Mark Snoeberger writes an interesting piece about the Christian and music. Some excerpts:
Ironically, the historically central idea of “music” (fr. the Grk. μοῦσα, to muse, think, remember, or reflect) has been transformed in the last century into its own etymological opposite—an occasion, whether active or passive, for not “musing,” or, supplying the alpha privative, a venue for amusement. This is not to say that music as amusement or as a means of forgetting is always bad (see in principle Prov 31:7), but it does reflect a total reversal of the Western tradition concerning the central purpose of music. . . .
The fact is, God never tells us why he created music, why he made man a musical being, nor why he demands music of us. It is likely that these reasons mirror the reasons why he created ethics, made us ethical beings, and demands ethics from us—to reflect his image! We all know that we should do ethics well and to that end we submit to an endless stream of books and articles that attempt to untangle the gray areas of ethics from the standpoint of both Scripture and natural law. We know that there is a right and a wrong way to do ethics, even when these prove elusive. We know further that public consensus on ethical matters is not wholly trustworthy, and at times is wholly untrustworthy: when waves of ethical novelty shake society, we scrutinize their underpinnings and offer superior alternatives.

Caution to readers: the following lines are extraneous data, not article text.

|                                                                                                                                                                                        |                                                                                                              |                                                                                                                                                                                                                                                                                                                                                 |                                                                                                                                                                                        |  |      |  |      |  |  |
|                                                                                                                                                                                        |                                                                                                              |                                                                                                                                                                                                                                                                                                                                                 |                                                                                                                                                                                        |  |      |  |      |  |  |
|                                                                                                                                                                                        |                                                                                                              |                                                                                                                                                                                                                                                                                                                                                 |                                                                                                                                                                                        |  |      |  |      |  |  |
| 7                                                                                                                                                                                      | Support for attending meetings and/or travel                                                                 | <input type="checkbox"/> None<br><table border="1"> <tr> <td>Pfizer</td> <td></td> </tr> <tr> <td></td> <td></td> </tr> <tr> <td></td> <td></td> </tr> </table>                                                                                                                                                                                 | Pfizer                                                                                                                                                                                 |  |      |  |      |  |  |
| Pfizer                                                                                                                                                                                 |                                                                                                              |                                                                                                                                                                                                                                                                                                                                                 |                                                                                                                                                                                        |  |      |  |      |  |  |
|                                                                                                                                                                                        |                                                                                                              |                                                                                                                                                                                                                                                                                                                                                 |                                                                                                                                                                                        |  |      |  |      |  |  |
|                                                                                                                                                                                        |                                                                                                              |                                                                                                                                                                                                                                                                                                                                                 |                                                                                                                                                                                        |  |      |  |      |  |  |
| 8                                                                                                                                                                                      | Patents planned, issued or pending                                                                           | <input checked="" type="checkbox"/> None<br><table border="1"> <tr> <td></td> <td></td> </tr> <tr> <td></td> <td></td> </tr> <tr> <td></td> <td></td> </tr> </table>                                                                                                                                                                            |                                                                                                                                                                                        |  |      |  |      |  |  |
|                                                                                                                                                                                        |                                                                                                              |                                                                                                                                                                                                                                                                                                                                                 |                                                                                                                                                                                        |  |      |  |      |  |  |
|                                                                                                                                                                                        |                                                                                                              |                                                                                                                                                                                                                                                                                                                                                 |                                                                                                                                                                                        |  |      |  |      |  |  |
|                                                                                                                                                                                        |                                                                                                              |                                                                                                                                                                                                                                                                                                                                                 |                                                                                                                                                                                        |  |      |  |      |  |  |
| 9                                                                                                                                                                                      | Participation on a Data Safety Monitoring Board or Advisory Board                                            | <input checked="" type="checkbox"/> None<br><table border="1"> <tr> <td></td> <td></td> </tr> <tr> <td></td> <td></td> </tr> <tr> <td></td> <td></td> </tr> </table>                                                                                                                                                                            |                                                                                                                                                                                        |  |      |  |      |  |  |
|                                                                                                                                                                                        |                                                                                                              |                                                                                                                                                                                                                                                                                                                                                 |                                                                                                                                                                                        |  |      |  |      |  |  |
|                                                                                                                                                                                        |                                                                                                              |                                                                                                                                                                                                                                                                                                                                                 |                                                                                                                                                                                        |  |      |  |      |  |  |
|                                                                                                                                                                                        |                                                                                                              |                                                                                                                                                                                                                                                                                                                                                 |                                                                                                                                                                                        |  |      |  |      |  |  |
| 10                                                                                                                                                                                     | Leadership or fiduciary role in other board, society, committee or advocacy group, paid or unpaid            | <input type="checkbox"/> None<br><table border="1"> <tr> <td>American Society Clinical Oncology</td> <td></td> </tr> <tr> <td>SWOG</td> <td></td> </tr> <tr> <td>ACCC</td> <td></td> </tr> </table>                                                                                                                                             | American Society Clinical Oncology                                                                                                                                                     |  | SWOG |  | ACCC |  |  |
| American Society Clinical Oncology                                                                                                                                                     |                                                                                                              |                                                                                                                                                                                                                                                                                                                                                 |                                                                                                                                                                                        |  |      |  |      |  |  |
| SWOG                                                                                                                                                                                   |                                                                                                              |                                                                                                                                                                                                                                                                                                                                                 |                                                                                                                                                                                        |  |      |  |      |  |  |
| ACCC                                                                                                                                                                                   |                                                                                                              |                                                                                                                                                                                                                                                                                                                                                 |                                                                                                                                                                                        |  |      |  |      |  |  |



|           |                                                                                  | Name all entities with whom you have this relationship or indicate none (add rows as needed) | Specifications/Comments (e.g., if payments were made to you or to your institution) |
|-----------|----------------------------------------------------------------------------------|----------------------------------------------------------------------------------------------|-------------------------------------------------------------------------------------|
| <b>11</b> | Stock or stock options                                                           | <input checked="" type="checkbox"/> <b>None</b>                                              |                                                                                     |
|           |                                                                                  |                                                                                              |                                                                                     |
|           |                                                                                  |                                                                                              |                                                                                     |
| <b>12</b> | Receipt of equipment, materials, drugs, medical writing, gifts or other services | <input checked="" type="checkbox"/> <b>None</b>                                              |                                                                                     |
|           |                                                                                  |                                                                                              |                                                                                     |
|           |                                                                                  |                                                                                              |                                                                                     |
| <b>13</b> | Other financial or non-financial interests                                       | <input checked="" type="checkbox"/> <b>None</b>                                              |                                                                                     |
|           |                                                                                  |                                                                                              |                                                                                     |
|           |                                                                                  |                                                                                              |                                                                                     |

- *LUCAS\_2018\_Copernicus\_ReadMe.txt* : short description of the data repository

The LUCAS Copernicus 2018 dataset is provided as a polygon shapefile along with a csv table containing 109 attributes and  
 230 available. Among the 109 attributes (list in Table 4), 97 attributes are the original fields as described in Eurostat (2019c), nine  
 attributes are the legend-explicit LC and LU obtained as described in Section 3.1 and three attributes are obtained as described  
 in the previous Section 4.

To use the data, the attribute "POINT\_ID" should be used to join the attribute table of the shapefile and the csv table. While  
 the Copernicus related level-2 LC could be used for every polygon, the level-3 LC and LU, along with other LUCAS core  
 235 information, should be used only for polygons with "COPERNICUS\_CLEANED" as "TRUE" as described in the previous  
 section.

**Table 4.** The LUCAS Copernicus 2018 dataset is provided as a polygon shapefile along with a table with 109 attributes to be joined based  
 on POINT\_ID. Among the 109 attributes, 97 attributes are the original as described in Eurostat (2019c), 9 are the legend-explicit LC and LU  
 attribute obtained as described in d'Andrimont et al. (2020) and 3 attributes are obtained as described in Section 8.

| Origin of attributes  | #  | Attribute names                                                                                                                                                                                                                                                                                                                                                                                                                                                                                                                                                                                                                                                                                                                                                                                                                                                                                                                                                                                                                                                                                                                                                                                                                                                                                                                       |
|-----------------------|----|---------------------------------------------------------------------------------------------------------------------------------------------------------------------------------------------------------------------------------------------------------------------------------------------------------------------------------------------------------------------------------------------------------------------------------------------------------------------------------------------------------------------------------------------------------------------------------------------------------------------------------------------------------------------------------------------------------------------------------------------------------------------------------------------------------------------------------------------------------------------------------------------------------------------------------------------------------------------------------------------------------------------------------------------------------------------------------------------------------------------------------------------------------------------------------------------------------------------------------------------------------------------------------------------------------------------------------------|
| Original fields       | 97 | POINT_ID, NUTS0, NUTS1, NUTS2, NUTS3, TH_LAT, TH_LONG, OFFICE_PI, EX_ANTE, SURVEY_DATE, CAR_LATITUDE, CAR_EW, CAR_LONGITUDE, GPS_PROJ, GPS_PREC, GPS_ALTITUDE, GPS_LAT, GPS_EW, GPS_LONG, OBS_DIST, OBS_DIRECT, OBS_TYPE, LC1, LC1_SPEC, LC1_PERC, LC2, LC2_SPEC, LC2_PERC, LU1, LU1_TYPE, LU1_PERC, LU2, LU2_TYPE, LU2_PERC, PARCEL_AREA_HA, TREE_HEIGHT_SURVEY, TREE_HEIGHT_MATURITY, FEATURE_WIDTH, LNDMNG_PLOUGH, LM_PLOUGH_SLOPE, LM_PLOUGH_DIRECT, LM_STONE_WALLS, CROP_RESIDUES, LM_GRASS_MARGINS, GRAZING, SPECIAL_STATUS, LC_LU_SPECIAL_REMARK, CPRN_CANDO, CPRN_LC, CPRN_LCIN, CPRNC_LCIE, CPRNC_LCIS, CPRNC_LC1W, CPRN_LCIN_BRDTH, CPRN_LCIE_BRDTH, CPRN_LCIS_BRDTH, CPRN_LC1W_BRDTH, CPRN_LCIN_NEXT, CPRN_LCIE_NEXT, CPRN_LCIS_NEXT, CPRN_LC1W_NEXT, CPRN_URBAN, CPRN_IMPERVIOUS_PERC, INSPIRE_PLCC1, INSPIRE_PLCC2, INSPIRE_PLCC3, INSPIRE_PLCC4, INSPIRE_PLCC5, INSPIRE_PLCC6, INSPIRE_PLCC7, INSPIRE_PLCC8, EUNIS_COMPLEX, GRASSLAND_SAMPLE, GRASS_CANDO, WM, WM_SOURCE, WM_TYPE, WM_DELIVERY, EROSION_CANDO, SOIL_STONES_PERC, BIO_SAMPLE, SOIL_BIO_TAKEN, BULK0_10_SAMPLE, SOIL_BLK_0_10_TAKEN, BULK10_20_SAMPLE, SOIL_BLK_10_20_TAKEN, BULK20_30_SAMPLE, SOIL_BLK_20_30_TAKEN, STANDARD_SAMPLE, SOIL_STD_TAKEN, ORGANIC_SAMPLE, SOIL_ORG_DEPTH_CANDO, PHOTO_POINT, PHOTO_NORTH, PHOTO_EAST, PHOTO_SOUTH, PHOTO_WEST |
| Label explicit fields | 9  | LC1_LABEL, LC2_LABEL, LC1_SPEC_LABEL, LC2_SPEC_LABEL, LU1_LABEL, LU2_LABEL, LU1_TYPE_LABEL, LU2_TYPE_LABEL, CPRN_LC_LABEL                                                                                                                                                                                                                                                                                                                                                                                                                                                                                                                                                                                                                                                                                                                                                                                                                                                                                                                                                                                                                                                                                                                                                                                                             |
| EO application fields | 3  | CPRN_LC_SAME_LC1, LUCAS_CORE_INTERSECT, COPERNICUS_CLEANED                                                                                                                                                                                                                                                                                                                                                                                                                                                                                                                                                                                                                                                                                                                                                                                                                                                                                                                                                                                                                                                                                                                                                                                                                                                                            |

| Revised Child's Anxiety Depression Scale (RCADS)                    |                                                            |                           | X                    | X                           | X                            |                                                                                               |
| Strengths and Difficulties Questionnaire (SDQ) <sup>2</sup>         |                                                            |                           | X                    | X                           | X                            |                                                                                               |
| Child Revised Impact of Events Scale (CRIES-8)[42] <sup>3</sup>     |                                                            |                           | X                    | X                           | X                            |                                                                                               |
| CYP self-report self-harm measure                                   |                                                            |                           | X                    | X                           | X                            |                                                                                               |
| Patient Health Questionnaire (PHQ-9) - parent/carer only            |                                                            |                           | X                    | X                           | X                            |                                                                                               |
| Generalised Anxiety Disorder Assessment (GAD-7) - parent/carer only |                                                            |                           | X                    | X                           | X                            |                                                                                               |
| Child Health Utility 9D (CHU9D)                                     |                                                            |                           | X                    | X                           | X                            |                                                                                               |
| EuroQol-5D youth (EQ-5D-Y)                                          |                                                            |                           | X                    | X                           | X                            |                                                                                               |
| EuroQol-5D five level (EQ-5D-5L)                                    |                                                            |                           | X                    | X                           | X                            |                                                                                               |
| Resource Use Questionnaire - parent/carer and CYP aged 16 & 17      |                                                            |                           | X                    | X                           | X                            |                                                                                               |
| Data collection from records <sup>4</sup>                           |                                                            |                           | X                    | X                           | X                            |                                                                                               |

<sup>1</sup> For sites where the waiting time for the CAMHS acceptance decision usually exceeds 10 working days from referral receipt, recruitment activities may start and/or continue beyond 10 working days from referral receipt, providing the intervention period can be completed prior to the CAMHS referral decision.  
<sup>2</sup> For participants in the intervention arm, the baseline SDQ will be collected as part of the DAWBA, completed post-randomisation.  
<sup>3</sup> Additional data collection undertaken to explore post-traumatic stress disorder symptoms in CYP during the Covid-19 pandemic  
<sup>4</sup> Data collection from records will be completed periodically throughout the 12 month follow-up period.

But when it comes to aesthetics, discussion of the gray areas is increasingly thought to be off limits. The only aesthetic standard permitted, it seems, is that of contemporaneity. Popular taste and preference prevail, and public consensus can never be wrong. When waves of aesthetic upheaval shake society, we are expected to submit to them without censure or even reflection. I find this perplexing.
Read the rest here: “Musing About Music.”
Scott Aniol is the founder and Executive Director of Religious Affections Ministries. He is Chair of the Worship Ministry Department at Southwestern Baptist Theological Seminary, where he teaches courses in ministry, worship, hymnology, aesthetics, culture, and philosophy. He is the author of Worship in Song: A Biblical Approach to Music and Worship, Sound Worship: A Guide to Making Musical Choices in a Noisy World, and By the Waters of Babylon: Worship in a Post-Christian Culture, and speaks around the country in churches and conferences. He is an elder in his church in Fort Worth, TX where he resides with his wife and four children. Views posted here are his own and not necessarily those of his employer.